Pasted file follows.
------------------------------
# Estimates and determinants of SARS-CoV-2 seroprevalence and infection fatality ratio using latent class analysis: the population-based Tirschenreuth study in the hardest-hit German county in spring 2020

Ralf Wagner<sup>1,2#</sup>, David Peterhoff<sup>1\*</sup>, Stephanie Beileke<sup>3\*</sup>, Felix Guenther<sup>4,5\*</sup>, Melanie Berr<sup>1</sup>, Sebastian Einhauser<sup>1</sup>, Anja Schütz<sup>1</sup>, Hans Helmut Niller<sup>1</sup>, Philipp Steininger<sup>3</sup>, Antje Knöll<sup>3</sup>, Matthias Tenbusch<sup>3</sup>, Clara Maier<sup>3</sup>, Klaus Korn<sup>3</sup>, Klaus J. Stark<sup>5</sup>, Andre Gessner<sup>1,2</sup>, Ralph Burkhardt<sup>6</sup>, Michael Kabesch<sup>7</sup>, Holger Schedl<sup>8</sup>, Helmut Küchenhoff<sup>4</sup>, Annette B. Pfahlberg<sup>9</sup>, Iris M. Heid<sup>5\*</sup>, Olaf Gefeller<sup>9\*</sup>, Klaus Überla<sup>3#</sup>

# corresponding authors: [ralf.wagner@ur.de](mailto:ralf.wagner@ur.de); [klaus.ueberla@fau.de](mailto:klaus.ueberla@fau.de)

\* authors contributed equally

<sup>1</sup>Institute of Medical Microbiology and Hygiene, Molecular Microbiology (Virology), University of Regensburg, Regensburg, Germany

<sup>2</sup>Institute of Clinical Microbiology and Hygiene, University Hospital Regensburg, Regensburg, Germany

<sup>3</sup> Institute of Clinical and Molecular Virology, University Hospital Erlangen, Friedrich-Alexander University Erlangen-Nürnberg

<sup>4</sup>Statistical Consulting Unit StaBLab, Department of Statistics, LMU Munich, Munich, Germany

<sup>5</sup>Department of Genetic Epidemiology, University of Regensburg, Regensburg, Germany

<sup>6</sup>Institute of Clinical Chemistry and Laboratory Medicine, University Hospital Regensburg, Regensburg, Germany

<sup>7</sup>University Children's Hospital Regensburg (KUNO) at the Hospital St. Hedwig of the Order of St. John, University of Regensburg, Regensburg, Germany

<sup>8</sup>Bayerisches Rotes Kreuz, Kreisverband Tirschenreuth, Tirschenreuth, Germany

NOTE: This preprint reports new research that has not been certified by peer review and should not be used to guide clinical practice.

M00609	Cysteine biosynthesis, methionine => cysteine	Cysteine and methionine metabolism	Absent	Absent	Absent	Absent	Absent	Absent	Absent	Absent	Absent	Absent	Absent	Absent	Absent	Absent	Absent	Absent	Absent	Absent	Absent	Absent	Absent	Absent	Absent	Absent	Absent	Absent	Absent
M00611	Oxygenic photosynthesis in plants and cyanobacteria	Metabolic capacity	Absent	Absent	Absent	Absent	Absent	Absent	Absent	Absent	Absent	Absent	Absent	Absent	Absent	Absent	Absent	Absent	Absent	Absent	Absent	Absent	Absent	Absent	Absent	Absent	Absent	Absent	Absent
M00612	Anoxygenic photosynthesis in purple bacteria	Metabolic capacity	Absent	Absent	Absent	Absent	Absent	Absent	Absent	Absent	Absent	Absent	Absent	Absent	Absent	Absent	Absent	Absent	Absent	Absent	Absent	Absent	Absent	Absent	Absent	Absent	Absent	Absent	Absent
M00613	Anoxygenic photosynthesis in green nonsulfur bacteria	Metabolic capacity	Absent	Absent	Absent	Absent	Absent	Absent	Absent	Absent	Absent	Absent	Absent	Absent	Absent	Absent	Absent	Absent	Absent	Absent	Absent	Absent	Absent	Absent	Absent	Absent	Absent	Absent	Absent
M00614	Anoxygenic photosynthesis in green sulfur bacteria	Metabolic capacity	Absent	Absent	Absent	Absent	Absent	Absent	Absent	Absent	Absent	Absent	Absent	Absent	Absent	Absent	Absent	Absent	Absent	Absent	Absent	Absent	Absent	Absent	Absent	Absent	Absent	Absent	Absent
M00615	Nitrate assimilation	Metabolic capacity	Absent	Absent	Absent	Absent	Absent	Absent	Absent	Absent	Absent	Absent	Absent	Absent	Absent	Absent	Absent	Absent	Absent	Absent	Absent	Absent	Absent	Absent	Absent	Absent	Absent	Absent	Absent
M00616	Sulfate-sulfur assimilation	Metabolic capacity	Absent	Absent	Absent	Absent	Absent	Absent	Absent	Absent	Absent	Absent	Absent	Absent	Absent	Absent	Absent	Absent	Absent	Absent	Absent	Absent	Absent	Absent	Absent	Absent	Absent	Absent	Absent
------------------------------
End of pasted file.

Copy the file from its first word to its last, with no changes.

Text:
# Estimates and determinants of SARS-CoV-2 seroprevalence and infection fatality ratio using latent class analysis: the population-based Tirschenreuth study in the hardest-hit German county in spring 2020

Ralf Wagner<sup>1,2#</sup>, David Peterhoff<sup>1\*</sup>, Stephanie Beileke<sup>3\*</sup>, Felix Guenther<sup>4,5\*</sup>, Melanie Berr<sup>1</sup>, Sebastian Einhauser<sup>1</sup>, Anja Schütz<sup>1</sup>, Hans Helmut Niller<sup>1</sup>, Philipp Steininger<sup>3</sup>, Antje Knöll<sup>3</sup>, Matthias Tenbusch<sup>3</sup>, Clara Maier<sup>3</sup>, Klaus Korn<sup>3</sup>, Klaus J. Stark<sup>5</sup>, Andre Gessner<sup>1,2</sup>, Ralph Burkhardt<sup>6</sup>, Michael Kabesch<sup>7</sup>, Holger Schedl<sup>8</sup>, Helmut Küchenhoff<sup>4</sup>, Annette B. Pfahlberg<sup>9</sup>, Iris M. Heid<sup>5\*</sup>, Olaf Gefeller<sup>9\*</sup>, Klaus Überla<sup>3#</sup>

# corresponding authors: [ralf.wagner@ur.de](mailto:ralf.wagner@ur.de); [klaus.ueberla@fau.de](mailto:klaus.ueberla@fau.de)

\* authors contributed equally

<sup>1</sup>Institute of Medical Microbiology and Hygiene, Molecular Microbiology (Virology), University of Regensburg, Regensburg, Germany

<sup>2</sup>Institute of Clinical Microbiology and Hygiene, University Hospital Regensburg, Regensburg, Germany

<sup>3</sup> Institute of Clinical and Molecular Virology, University Hospital Erlangen, Friedrich-Alexander University Erlangen-Nürnberg

<sup>4</sup>Statistical Consulting Unit StaBLab, Department of Statistics, LMU Munich, Munich, Germany

<sup>5</sup>Department of Genetic Epidemiology, University of Regensburg, Regensburg, Germany

<sup>6</sup>Institute of Clinical Chemistry and Laboratory Medicine, University Hospital Regensburg, Regensburg, Germany

<sup>7</sup>University Children's Hospital Regensburg (KUNO) at the Hospital St. Hedwig of the Order of St. John, University of Regensburg, Regensburg, Germany

<sup>8</sup>Bayerisches Rotes Kreuz, Kreisverband Tirschenreuth, Tirschenreuth, Germany

NOTE: This preprint reports new research that has not been certified by peer review and should not be used to guide clinical practice.

M00609	Cysteine biosynthesis, methionine => cysteine	Cysteine and methionine metabolism	Absent	Absent	Absent	Absent	Absent	Absent	Absent	Absent	Absent	Absent	Absent	Absent	Absent	Absent	Absent	Absent	Absent	Absent	Absent	Absent	Absent	Absent	Absent	Absent	Absent	Absent	Absent
M00611	Oxygenic photosynthesis in plants and cyanobacteria	Metabolic capacity	Absent	Absent	Absent	Absent	Absent	Absent	Absent	Absent	Absent	Absent	Absent	Absent	Absent	Absent	Absent	Absent	Absent	Absent	Absent	Absent	Absent	Absent	Absent	Absent	Absent	Absent	Absent
M00612	Anoxygenic photosynthesis in purple bacteria	Metabolic capacity	Absent	Absent	Absent	Absent	Absent	Absent	Absent	Absent	Absent	Absent	Absent	Absent	Absent	Absent	Absent	Absent	Absent	Absent	Absent	Absent	Absent	Absent	Absent	Absent	Absent	Absent	Absent
M00613	Anoxygenic photosynthesis in green nonsulfur bacteria	Metabolic capacity	Absent	Absent	Absent	Absent	Absent	Absent	Absent	Absent	Absent	Absent	Absent	Absent	Absent	Absent	Absent	Absent	Absent	Absent	Absent	Absent	Absent	Absent	Absent	Absent	Absent	Absent	Absent
M00614	Anoxygenic photosynthesis in green sulfur bacteria	Metabolic capacity	Absent	Absent	Absent	Absent	Absent	Absent	Absent	Absent	Absent	Absent	Absent	Absent	Absent	Absent	Absent	Absent	Absent	Absent	Absent	Absent	Absent	Absent	Absent	Absent	Absent	Absent	Absent
M00615	Nitrate assimilation	Metabolic capacity	Absent	Absent	Absent	Absent	Absent	Absent	Absent	Absent	Absent	Absent	Absent	Absent	Absent	Absent	Absent	Absent	Absent	Absent	Absent	Absent	Absent	Absent	Absent	Absent	Absent	Absent	Absent
M00616	Sulfate-sulfur assimilation	Metabolic capacity	Absent	Absent	Absent	Absent	Absent	Absent	Absent	Absent	Absent	Absent	Absent	Absent	Absent	Absent	Absent	Absent	Absent	Absent	Absent	Absent	Absent	Absent	Absent	Absent	Absent	Absent	Absent